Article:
ST. AUGUSTINE, Fla. — Lost in the Bermuda Triangle. That's what folks reflection happened to one ship that vanished in the 1920s. However, scientists have regular determined that the old ship is actually on the ocean floor just off of St. Augustine. The ship was denominate the Cotopaxi. It was a 250-foot-long load steamship that sailed from Charleston, South Carolina, heading for Havana in 1925. But on that sail, it vanished. It and its undivided 32 person crew upright disappeared. "The ship became part of the Bermuda Triangle myth," Chuck Meide of the Lighthouse Maritime Archaeological Maritime Program said. It's the place in the Atlantic Ocean where ships and planes just "slip aside." The Cotopaxi was also the ship found in the desert in the movie "Close Encounters of the Third Kind." "There's that scene with the old corrode freighter in the desert with Cotopaxi on the hull," Meide said. A federal scientist and diver named Michael Barnette researched the ship, and he believed the Cotopaxi was actually a shipwreck that many First Coast locals point to as the Bear Wreck. It's located helter-skelter 35 miles off of St. Augustine. Barnette asked provincial marine archaeologists Meide and Brendan Burke to go to the site with him for a second persuasion. Meide said the crash divers took a measuring tape and measured ability of the ship. And those measurements match up with the artery's plan. "We're pretty convinced there is compelling evidence this is the Cotopaxi," Meide told First Coast News. "Mystery solved!" So what happened to the ship in 1925? Meide said agreeing to investigate, the ship was missing important structural components. Also, "unbeknownst to the chief and crew, they were sailing into the mouth of a tropical storm," he pret. quoth. So all this time, the Cotopaxi was famous for its Bermuda Triangle connection and picture show stardom when, it turns out, "it's been right off our coast Spear fishermen have been diving off of this clothes for years," Meide said. These findings will air in a new Science Channel series called Shipwreck Secrets on Feb. 9. Meide will be featured in that episode.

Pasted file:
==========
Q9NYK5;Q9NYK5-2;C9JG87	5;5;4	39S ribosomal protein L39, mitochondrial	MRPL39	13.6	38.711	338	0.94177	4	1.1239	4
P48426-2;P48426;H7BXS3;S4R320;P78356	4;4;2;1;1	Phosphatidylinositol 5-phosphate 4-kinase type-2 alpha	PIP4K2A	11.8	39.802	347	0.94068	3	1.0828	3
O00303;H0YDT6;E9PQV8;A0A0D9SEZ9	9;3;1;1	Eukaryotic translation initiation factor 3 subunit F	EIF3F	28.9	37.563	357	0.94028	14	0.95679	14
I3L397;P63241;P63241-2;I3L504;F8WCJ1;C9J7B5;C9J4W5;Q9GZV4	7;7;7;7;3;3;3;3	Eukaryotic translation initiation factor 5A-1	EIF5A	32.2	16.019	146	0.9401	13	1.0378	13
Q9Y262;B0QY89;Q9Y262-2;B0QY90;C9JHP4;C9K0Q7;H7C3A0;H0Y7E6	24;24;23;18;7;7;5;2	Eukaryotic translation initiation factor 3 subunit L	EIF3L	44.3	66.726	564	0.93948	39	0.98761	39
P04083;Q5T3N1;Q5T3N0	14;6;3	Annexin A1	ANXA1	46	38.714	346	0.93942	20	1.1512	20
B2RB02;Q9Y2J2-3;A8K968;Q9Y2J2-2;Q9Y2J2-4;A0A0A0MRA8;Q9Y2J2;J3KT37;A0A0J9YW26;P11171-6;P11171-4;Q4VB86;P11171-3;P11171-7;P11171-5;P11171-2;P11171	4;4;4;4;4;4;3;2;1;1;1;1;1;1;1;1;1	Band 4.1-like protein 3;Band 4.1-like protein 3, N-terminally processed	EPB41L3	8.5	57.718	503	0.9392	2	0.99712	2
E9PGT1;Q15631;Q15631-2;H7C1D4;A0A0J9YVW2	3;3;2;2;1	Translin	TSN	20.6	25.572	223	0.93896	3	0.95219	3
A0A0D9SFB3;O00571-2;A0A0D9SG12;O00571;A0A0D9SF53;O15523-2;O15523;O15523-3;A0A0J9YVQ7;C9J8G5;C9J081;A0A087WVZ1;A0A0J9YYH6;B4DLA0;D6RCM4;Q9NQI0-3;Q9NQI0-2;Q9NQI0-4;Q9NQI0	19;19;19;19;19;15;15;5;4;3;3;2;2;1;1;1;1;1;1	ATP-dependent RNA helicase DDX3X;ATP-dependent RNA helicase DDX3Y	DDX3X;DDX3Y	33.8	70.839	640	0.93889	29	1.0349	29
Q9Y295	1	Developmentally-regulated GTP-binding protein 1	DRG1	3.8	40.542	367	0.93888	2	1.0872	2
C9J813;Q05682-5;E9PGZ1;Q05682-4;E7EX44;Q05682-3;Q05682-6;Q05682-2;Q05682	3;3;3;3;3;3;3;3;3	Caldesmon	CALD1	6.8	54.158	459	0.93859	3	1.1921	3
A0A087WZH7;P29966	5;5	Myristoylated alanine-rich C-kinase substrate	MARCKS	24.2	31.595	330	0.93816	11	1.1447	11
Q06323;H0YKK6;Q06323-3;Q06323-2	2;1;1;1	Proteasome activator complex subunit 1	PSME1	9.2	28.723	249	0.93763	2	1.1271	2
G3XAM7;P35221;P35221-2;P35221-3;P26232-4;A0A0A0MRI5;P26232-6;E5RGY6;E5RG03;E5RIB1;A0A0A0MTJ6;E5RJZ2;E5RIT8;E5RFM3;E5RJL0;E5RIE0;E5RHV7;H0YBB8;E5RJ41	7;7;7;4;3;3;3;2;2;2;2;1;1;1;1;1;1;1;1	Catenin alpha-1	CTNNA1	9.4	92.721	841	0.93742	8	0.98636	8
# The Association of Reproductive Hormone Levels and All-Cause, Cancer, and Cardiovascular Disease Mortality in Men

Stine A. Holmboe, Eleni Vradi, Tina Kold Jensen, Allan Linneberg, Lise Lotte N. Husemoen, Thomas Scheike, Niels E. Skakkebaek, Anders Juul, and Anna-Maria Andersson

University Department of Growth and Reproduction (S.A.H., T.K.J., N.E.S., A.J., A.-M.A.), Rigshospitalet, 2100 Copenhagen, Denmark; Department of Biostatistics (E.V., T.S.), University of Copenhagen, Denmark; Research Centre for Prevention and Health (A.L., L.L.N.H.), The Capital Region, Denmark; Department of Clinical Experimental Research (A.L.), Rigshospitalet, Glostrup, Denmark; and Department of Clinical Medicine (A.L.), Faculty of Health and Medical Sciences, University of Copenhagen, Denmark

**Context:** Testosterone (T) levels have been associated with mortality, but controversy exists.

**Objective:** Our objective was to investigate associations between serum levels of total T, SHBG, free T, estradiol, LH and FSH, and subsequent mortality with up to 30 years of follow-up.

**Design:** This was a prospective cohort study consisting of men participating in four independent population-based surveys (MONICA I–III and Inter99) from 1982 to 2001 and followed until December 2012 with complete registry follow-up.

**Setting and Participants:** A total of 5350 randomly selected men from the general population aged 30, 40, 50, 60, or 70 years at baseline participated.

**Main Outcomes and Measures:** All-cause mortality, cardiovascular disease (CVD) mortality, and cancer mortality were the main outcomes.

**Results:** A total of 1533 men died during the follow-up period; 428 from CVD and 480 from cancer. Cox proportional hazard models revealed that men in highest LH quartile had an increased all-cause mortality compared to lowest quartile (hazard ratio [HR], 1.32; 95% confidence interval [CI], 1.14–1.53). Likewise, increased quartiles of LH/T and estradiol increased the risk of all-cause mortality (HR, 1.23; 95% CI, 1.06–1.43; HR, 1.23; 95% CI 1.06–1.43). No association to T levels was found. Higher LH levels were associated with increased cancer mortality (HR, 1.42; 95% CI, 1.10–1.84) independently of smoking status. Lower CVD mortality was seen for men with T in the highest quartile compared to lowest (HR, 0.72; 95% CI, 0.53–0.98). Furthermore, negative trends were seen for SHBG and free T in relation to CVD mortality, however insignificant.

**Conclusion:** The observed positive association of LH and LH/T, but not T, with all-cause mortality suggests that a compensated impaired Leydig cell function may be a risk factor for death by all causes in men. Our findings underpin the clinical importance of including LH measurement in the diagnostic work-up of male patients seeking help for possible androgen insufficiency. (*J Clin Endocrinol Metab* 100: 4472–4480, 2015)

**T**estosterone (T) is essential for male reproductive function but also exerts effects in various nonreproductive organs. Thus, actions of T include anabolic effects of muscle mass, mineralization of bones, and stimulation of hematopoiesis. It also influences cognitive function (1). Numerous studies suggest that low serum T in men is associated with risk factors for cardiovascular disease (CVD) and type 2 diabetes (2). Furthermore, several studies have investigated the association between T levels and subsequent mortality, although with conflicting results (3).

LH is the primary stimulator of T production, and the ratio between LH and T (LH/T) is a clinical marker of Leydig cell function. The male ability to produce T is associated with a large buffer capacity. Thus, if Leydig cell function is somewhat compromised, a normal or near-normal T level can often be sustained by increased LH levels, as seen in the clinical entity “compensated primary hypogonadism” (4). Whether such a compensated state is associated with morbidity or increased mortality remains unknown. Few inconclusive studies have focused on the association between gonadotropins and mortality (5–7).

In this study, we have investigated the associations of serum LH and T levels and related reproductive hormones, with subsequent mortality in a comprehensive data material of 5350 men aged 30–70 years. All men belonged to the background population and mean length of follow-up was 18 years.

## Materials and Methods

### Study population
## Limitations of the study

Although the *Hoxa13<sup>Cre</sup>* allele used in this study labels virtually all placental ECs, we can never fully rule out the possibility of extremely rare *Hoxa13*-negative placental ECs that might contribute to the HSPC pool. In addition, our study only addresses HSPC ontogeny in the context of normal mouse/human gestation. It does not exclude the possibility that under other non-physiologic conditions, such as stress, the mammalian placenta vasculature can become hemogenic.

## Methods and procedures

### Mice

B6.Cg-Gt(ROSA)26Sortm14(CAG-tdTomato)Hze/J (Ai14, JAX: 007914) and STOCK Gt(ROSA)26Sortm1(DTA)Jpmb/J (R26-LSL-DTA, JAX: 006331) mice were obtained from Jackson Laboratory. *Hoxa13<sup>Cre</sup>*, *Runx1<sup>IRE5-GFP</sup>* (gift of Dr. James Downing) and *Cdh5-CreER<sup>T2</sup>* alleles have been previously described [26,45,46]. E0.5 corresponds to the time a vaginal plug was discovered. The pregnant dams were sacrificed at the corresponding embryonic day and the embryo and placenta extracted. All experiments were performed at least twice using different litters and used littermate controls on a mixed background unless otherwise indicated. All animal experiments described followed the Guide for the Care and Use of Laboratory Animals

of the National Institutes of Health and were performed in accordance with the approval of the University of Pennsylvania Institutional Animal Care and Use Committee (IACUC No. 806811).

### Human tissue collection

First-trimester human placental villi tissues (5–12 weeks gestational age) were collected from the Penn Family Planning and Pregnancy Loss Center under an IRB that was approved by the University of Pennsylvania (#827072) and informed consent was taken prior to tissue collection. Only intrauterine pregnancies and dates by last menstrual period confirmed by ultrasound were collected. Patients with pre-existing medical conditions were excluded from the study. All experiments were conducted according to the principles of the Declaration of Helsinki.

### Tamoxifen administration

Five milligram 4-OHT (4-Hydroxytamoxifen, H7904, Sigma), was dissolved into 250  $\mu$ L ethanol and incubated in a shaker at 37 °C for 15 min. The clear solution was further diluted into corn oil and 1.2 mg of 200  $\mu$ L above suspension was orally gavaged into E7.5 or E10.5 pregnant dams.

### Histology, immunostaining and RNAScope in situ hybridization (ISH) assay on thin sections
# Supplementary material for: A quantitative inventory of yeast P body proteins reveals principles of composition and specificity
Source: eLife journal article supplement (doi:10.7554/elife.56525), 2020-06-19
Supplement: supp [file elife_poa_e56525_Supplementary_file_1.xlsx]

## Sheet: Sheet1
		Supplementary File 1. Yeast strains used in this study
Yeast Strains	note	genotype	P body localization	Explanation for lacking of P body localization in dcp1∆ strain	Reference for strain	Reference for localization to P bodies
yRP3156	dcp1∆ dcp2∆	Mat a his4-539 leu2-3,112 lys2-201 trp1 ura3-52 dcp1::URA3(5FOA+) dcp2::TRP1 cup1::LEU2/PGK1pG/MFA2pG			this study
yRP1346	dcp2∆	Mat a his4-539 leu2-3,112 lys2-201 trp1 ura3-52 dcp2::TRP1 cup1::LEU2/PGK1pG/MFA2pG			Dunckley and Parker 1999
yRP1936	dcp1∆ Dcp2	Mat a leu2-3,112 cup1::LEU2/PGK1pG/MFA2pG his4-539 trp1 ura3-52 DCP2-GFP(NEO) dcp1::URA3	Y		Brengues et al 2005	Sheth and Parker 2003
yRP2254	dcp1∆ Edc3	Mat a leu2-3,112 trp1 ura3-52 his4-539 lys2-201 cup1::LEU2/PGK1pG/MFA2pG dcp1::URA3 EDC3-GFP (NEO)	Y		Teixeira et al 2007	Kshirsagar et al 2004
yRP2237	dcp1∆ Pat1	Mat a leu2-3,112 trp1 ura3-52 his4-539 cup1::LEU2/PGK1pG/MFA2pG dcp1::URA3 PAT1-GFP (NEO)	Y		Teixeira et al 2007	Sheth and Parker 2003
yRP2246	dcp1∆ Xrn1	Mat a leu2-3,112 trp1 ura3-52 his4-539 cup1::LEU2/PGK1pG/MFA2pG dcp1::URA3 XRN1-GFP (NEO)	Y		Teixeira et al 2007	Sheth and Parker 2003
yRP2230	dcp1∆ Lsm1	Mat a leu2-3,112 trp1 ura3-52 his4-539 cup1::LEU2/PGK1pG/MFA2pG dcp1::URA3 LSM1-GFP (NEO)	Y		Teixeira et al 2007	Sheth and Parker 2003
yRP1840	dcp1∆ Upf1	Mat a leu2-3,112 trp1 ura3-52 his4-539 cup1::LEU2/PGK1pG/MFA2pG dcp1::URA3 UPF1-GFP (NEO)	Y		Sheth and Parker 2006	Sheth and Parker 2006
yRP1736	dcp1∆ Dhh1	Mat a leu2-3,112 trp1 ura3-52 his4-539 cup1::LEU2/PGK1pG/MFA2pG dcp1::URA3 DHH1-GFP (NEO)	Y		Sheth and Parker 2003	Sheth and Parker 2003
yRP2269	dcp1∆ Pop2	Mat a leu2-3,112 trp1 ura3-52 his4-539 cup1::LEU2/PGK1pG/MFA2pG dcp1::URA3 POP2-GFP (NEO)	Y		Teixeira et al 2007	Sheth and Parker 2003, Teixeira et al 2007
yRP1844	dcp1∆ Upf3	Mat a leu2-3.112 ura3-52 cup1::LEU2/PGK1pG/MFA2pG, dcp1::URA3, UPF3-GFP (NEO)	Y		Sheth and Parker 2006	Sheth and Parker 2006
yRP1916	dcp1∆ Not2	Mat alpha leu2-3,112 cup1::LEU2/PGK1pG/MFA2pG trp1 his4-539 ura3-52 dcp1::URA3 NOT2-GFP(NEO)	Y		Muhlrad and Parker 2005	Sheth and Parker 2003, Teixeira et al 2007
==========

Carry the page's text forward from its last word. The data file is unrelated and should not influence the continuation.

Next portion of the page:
The leviathan was missing important structural components and "unbeknownst to the captain and throng, they were sailing into a tropical storm," Meide said. The ship set sail on Nov. 29, 1925.

(CNN) — Marine biologists at the South Carolina Aquarium were treating a rare, 475-pound leatherback sea turtle that washed up Saturday, March 7, 2015, on a nearby shingle. The episode marks the first rescue of a leatherback sea turtle in South Carolina and is believed to be only the fifth feed rescue of this species in the United States, according to the South Carolina Department of Natural Resources. The endangered turtle was found abandon on the Yawkey-South Island Preserve, a wildlife refuge near Georgetown, South Carolina. Rescuers named it Yawkey. Because the turtle is believed to be a juvenile — rescuers say it's as like as not less than 10 years old — and has not retch sexual maturity, biologists can't yet finish its sex. Rescuers found no external signs of trauma to the reptile, although it was hypoglycemic. Staffers with the aquarium's sea turtle rescue program gave it antibiotics, vitamins and some time to recover at their facilities. The treatments appear to be helping. Aquarium officials said the turtle was more energetic Tuesday than when it was first admitted. Even so, leatherback turtles historically don't do well in captivity. For that sake, aquarium staffers are practical with the pomp's Department of Natural Resources to determine the best place and time to release the turtle back into the ogin — most likely within the next few days. Leatherbacks are the largest turtles on Earth and can grow up to 2,000 pounds. They are found throughout the globe's oceans and have been spotty as far northward as Norway and as far south as South America.

Even so, leatherback turtles historically don't do well in captivity. For that reason, aquarium staffers are working with the state's Department of Natural Resources to determine the best office and time to discharge the turtle back into the ocean — most likely within the next few days.